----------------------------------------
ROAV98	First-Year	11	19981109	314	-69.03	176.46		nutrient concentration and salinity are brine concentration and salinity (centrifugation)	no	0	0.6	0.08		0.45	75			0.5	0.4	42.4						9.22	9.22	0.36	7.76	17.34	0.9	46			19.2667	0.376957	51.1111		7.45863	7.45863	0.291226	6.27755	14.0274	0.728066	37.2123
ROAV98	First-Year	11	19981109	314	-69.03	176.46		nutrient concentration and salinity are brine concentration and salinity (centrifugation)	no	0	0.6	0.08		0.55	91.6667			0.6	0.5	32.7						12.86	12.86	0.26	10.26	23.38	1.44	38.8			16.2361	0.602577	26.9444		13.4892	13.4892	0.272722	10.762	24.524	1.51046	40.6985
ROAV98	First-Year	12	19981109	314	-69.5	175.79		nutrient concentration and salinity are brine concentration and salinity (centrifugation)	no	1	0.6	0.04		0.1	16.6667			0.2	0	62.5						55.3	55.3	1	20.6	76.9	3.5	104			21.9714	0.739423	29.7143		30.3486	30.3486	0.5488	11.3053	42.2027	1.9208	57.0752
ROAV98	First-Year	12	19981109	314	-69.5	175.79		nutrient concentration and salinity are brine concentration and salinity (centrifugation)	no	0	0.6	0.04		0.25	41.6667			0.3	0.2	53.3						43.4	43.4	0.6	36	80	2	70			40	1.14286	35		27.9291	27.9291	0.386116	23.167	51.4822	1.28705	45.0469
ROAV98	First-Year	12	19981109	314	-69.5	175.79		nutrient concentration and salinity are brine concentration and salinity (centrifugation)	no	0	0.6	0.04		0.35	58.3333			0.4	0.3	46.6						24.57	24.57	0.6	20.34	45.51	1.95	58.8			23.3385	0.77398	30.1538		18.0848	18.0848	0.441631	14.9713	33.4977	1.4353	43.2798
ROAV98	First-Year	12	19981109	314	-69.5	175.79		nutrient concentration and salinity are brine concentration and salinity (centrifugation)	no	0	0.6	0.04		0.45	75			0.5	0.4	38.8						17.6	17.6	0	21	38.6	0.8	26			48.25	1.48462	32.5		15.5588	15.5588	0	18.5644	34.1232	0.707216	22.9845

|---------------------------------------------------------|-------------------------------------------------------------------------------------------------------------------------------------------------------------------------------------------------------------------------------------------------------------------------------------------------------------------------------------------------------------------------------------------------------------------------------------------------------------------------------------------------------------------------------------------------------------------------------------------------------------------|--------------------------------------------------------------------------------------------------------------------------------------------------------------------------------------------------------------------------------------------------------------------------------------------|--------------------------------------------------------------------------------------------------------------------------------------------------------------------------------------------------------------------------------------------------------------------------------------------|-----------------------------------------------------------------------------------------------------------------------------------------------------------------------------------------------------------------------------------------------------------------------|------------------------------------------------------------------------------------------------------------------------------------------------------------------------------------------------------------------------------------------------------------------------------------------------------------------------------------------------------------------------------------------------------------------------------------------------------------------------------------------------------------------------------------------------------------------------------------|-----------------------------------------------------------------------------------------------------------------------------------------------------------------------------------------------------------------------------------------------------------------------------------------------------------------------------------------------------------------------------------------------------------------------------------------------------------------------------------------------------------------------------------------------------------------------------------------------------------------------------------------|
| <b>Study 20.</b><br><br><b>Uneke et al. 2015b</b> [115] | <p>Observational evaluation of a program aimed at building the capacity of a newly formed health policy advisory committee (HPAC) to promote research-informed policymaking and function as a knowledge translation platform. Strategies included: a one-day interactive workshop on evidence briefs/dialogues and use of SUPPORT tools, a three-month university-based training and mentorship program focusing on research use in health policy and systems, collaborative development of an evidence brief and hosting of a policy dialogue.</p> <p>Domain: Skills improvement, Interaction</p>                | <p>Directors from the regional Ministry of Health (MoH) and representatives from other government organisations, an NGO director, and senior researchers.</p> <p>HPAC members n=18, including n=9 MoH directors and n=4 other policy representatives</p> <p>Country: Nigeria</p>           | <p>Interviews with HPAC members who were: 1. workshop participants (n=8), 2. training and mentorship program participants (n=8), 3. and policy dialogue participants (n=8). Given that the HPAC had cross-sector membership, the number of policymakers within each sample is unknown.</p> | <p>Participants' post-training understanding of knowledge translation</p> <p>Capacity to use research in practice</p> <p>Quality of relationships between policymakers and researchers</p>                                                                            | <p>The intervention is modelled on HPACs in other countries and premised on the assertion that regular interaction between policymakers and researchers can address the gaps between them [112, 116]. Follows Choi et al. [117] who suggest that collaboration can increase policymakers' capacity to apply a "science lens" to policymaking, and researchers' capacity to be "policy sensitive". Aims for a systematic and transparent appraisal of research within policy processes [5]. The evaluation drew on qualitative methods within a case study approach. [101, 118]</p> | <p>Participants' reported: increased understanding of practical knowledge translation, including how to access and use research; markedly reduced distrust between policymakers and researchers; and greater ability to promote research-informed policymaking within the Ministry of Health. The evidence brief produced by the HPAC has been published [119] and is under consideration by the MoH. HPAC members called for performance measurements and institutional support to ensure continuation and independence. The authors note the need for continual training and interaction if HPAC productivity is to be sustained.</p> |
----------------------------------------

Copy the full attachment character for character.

ROAV98	First-Year	11	19981109	314	-69.03	176.46		nutrient concentration and salinity are brine concentration and salinity (centrifugation)	no	0	0.6	0.08		0.45	75			0.5	0.4	42.4						9.22	9.22	0.36	7.76	17.34	0.9	46			19.2667	0.376957	51.1111		7.45863	7.45863	0.291226	6.27755	14.0274	0.728066	37.2123
ROAV98	First-Year	11	19981109	314	-69.03	176.46		nutrient concentration and salinity are brine concentration and salinity (centrifugation)	no	0	0.6	0.08		0.55	91.6667			0.6	0.5	32.7						12.86	12.86	0.26	10.26	23.38	1.44	38.8			16.2361	0.602577	26.9444		13.4892	13.4892	0.272722	10.762	24.524	1.51046	40.6985
ROAV98	First-Year	12	19981109	314	-69.5	175.79		nutrient concentration and salinity are brine concentration and salinity (centrifugation)	no	1	0.6	0.04		0.1	16.6667			0.2	0	62.5						55.3	55.3	1	20.6	76.9	3.5	104			21.9714	0.739423	29.7143		30.3486	30.3486	0.5488	11.3053	42.2027	1.9208	57.0752
ROAV98	First-Year	12	19981109	314	-69.5	175.79		nutrient concentration and salinity are brine concentration and salinity (centrifugation)	no	0	0.6	0.04		0.25	41.6667			0.3	0.2	53.3						43.4	43.4	0.6	36	80	2	70			40	1.14286	35		27.9291	27.9291	0.386116	23.167	51.4822	1.28705	45.0469
ROAV98	First-Year	12	19981109	314	-69.5	175.79		nutrient concentration and salinity are brine concentration and salinity (centrifugation)	no	0	0.6	0.04		0.35	58.3333			0.4	0.3	46.6						24.57	24.57	0.6	20.34	45.51	1.95	58.8			23.3385	0.77398	30.1538		18.0848	18.0848	0.441631	14.9713	33.4977	1.4353	43.2798
ROAV98	First-Year	12	19981109	314	-69.5	175.79		nutrient concentration and salinity are brine concentration and salinity (centrifugation)	no	0	0.6	0.04		0.45	75			0.5	0.4	38.8						17.6	17.6	0	21	38.6	0.8	26			48.25	1.48462	32.5		15.5588	15.5588	0	18.5644	34.1232	0.707216	22.9845

|---------------------------------------------------------|-------------------------------------------------------------------------------------------------------------------------------------------------------------------------------------------------------------------------------------------------------------------------------------------------------------------------------------------------------------------------------------------------------------------------------------------------------------------------------------------------------------------------------------------------------------------------------------------------------------------|--------------------------------------------------------------------------------------------------------------------------------------------------------------------------------------------------------------------------------------------------------------------------------------------|--------------------------------------------------------------------------------------------------------------------------------------------------------------------------------------------------------------------------------------------------------------------------------------------|-----------------------------------------------------------------------------------------------------------------------------------------------------------------------------------------------------------------------------------------------------------------------|------------------------------------------------------------------------------------------------------------------------------------------------------------------------------------------------------------------------------------------------------------------------------------------------------------------------------------------------------------------------------------------------------------------------------------------------------------------------------------------------------------------------------------------------------------------------------------|-----------------------------------------------------------------------------------------------------------------------------------------------------------------------------------------------------------------------------------------------------------------------------------------------------------------------------------------------------------------------------------------------------------------------------------------------------------------------------------------------------------------------------------------------------------------------------------------------------------------------------------------|
| <b>Study 20.</b><br><br><b>Uneke et al. 2015b</b> [115] | <p>Observational evaluation of a program aimed at building the capacity of a newly formed health policy advisory committee (HPAC) to promote research-informed policymaking and function as a knowledge translation platform. Strategies included: a one-day interactive workshop on evidence briefs/dialogues and use of SUPPORT tools, a three-month university-based training and mentorship program focusing on research use in health policy and systems, collaborative development of an evidence brief and hosting of a policy dialogue.</p> <p>Domain: Skills improvement, Interaction</p>                | <p>Directors from the regional Ministry of Health (MoH) and representatives from other government organisations, an NGO director, and senior researchers.</p> <p>HPAC members n=18, including n=9 MoH directors and n=4 other policy representatives</p> <p>Country: Nigeria</p>           | <p>Interviews with HPAC members who were: 1. workshop participants (n=8), 2. training and mentorship program participants (n=8), 3. and policy dialogue participants (n=8). Given that the HPAC had cross-sector membership, the number of policymakers within each sample is unknown.</p> | <p>Participants' post-training understanding of knowledge translation</p> <p>Capacity to use research in practice</p> <p>Quality of relationships between policymakers and researchers</p>                                                                            | <p>The intervention is modelled on HPACs in other countries and premised on the assertion that regular interaction between policymakers and researchers can address the gaps between them [112, 116]. Follows Choi et al. [117] who suggest that collaboration can increase policymakers' capacity to apply a "science lens" to policymaking, and researchers' capacity to be "policy sensitive". Aims for a systematic and transparent appraisal of research within policy processes [5]. The evaluation drew on qualitative methods within a case study approach. [101, 118]</p> | <p>Participants' reported: increased understanding of practical knowledge translation, including how to access and use research; markedly reduced distrust between policymakers and researchers; and greater ability to promote research-informed policymaking within the Ministry of Health. The evidence brief produced by the HPAC has been published [119] and is under consideration by the MoH. HPAC members called for performance measurements and institutional support to ensure continuation and independence. The authors note the need for continual training and interaction if HPAC productivity is to be sustained.</p> |